Valera et al. also found that Purkinje cells from different animals but at the same location in the cerebellum had similar patterns of connections with granule cells. This suggests that, in identified modules, there is little variability in connection patterns between individuals. However, the patterns of connectivity could be altered by processes related to learning, indicating that they can be organized in different ways and still work. Further experiments then showed that different individuals display consistent patterns of connectivity between granule cells and other major cell types in the cerebellum. This finding suggests that while the basic modules in the cerebellum are similar across different individuals, the connections between modules can be shaped by experience.

An important challenge for the future is now to understand how the connected modules combine the information they receive and drive the output of the cerebellum. This knowledge will help better describe how movements are controlled.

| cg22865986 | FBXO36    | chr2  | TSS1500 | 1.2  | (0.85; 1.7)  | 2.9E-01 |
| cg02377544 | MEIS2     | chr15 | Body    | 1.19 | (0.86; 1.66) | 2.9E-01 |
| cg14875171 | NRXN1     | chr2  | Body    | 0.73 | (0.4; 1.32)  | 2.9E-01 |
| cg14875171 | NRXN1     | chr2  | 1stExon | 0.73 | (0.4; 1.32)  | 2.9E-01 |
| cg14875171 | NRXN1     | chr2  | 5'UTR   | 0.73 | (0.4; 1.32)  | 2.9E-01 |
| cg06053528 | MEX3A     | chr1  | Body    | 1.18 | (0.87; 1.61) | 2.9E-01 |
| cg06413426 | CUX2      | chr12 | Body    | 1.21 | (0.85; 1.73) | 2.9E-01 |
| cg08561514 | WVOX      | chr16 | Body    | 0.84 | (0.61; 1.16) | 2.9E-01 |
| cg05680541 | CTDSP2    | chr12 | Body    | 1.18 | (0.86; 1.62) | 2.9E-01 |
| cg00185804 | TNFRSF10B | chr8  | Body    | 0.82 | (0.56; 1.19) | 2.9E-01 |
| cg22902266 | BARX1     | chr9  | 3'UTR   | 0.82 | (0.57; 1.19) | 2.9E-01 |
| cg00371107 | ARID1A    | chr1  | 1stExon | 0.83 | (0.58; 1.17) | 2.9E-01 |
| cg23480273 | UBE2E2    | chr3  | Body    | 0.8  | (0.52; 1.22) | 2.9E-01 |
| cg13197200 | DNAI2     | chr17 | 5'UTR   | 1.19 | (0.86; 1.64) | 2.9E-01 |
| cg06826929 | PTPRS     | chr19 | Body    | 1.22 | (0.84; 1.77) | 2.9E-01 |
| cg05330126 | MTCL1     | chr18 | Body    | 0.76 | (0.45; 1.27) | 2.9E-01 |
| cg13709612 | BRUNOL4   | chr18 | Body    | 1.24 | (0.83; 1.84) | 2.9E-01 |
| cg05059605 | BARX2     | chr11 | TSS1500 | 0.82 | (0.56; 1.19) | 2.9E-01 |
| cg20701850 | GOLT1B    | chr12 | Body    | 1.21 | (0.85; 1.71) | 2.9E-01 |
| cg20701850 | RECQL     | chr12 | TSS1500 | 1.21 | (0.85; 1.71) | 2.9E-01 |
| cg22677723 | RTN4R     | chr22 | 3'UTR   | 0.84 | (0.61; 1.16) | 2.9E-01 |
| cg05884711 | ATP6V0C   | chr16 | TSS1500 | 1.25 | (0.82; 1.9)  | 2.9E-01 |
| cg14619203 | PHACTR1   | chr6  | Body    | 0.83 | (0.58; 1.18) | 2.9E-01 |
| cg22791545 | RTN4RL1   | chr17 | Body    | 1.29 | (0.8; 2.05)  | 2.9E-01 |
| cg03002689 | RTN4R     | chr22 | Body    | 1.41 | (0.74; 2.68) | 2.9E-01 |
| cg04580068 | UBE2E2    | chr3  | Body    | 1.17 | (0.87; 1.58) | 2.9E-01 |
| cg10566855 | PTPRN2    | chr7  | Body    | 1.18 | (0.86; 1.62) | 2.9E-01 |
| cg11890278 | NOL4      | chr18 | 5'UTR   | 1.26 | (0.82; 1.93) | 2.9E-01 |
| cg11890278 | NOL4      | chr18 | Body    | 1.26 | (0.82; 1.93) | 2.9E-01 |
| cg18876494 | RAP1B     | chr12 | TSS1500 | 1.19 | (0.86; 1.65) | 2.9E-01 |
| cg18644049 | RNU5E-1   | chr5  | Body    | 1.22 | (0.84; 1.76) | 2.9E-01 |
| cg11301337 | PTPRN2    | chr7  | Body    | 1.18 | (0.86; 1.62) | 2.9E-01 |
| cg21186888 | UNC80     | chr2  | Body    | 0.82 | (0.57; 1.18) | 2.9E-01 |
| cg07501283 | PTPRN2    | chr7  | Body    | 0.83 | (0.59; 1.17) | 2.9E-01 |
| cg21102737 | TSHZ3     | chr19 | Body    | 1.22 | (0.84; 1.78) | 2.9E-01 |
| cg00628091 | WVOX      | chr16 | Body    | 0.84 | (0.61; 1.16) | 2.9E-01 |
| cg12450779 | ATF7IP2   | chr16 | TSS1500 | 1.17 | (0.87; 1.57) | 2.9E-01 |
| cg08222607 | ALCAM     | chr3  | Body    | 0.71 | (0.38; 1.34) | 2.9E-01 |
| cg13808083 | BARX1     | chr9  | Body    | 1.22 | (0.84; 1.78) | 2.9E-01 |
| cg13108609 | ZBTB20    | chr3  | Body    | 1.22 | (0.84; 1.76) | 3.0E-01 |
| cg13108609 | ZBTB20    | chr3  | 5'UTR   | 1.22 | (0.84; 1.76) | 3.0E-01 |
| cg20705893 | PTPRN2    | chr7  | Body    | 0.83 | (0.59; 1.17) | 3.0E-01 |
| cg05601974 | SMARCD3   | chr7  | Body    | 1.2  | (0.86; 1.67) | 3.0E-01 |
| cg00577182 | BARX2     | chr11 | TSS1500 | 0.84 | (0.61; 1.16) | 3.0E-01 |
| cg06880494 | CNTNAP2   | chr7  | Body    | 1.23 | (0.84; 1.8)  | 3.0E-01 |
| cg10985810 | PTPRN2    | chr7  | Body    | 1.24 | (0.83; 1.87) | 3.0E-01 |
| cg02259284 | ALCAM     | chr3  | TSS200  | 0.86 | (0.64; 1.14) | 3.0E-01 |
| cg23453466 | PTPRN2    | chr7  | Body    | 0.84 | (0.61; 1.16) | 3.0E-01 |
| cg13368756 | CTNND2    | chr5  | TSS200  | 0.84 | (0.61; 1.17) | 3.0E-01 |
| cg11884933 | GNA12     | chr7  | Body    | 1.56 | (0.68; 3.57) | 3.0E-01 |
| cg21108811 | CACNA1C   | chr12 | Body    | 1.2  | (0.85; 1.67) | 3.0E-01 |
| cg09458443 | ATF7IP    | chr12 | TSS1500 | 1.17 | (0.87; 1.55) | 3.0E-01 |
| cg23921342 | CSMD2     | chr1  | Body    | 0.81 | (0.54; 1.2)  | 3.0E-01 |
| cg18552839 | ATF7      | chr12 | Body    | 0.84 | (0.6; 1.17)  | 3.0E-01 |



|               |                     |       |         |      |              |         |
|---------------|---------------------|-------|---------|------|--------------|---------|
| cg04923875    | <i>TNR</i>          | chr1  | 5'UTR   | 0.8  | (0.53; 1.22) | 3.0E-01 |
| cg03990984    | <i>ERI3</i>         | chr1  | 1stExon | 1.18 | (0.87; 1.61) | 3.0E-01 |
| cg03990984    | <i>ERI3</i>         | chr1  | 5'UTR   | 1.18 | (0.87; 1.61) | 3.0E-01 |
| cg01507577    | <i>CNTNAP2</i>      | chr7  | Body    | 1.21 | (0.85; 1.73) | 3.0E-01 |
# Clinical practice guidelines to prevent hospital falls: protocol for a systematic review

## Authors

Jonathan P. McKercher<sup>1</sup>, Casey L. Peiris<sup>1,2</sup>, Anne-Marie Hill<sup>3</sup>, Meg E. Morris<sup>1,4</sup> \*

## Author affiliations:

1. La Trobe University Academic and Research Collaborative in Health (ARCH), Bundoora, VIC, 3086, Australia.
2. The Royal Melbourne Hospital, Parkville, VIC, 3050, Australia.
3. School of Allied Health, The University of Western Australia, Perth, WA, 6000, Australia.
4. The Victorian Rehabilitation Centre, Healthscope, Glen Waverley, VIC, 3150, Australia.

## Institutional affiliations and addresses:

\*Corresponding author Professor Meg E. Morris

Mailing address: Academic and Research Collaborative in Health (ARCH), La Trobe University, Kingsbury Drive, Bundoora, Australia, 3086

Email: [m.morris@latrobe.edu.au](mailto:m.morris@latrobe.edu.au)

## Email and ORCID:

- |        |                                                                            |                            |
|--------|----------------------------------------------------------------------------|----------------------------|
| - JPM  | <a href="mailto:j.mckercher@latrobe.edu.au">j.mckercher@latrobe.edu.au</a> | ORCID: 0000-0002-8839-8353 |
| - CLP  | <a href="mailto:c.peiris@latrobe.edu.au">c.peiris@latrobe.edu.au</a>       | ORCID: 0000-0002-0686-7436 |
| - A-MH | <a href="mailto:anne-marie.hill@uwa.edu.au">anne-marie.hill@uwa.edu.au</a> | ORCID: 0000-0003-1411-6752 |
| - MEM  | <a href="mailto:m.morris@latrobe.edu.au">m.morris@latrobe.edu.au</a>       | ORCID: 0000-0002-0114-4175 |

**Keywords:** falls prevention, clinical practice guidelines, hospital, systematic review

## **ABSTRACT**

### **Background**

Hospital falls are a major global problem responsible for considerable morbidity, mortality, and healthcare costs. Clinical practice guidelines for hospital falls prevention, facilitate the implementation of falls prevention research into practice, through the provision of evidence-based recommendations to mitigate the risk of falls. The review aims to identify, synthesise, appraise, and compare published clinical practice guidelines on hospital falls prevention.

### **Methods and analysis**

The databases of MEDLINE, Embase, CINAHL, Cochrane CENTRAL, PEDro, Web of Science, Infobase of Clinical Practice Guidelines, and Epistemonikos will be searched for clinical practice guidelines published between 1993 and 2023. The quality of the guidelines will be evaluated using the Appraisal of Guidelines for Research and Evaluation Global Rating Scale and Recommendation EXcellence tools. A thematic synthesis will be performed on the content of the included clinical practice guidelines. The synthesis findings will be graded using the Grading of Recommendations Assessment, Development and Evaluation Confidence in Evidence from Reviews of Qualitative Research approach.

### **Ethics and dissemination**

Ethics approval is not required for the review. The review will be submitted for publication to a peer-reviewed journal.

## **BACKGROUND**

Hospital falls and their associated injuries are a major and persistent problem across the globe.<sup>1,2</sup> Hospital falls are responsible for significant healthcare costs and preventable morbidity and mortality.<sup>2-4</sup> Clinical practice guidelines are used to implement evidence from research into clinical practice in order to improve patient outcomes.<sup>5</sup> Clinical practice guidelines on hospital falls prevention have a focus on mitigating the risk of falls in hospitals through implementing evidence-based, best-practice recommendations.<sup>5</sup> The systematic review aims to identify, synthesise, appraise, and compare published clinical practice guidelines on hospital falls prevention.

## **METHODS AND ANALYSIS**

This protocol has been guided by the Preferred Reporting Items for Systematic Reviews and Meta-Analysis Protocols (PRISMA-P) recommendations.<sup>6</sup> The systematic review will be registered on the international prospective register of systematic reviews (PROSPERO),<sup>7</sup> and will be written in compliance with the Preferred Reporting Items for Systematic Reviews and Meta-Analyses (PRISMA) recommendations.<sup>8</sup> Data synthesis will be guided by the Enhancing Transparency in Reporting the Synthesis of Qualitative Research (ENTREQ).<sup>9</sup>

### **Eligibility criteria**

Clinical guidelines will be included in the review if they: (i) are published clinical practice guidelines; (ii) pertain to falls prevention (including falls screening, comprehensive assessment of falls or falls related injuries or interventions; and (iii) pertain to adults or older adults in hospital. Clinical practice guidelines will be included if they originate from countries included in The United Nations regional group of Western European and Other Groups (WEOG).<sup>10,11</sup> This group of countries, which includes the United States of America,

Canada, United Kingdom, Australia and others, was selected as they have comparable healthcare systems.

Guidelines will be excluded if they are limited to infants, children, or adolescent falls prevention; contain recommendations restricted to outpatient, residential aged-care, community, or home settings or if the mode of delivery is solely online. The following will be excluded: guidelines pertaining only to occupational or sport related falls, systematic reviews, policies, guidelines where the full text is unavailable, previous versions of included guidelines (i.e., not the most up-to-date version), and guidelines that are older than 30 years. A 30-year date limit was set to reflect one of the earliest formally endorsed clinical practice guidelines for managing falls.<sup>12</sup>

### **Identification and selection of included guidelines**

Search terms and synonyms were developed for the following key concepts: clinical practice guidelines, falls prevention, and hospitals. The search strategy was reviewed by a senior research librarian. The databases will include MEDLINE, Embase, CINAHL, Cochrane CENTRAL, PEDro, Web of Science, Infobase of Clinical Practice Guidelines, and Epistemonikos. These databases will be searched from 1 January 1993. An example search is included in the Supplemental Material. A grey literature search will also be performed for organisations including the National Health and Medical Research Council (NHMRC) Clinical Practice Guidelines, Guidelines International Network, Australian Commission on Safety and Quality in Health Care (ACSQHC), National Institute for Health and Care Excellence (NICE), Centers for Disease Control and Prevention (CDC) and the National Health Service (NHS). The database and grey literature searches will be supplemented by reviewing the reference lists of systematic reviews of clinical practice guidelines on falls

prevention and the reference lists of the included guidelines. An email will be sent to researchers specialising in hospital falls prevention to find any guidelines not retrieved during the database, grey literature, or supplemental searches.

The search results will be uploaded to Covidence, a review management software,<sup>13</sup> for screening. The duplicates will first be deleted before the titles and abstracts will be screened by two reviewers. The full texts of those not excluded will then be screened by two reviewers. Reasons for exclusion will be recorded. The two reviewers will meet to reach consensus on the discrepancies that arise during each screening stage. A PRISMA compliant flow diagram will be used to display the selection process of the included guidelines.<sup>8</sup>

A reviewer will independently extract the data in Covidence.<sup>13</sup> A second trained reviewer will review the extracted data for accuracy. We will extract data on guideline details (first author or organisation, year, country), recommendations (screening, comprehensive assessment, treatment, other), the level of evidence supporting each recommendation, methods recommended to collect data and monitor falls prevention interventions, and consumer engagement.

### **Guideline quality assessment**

Long-range connectivity between brain areas and the basic organization of microcircuits has been widely studied in many brain structures (Shepherd and Grillner, 2010). However, the synaptic connectivity at the mesoscale level, that is, the precise functional synaptic arrangement between cortical modules, has been described in few brain areas since module boundaries are often ill defined. In the rodent barrel cortex and visual cortex (Callaway and Katz, 1993; Briggs and Callaway, 2001; Shepherd et al., 2003), anatomical modules contain a wide array of neuronal types that interconnect within complex neuronal circuits (Harris and Mrsic-Flogel, 2013; Cossell et al., 2015) and reveal inter-modular communication that might influence the output of individual modules (e.g. see multi-whisker stimuli; Estebanez et al., 2012). However, whether neighboring modules strictly follow the same functional and cellular organization rules or display subtle differences in local architecture or neurochemical expression that determine module-specific function or processing rules is not established.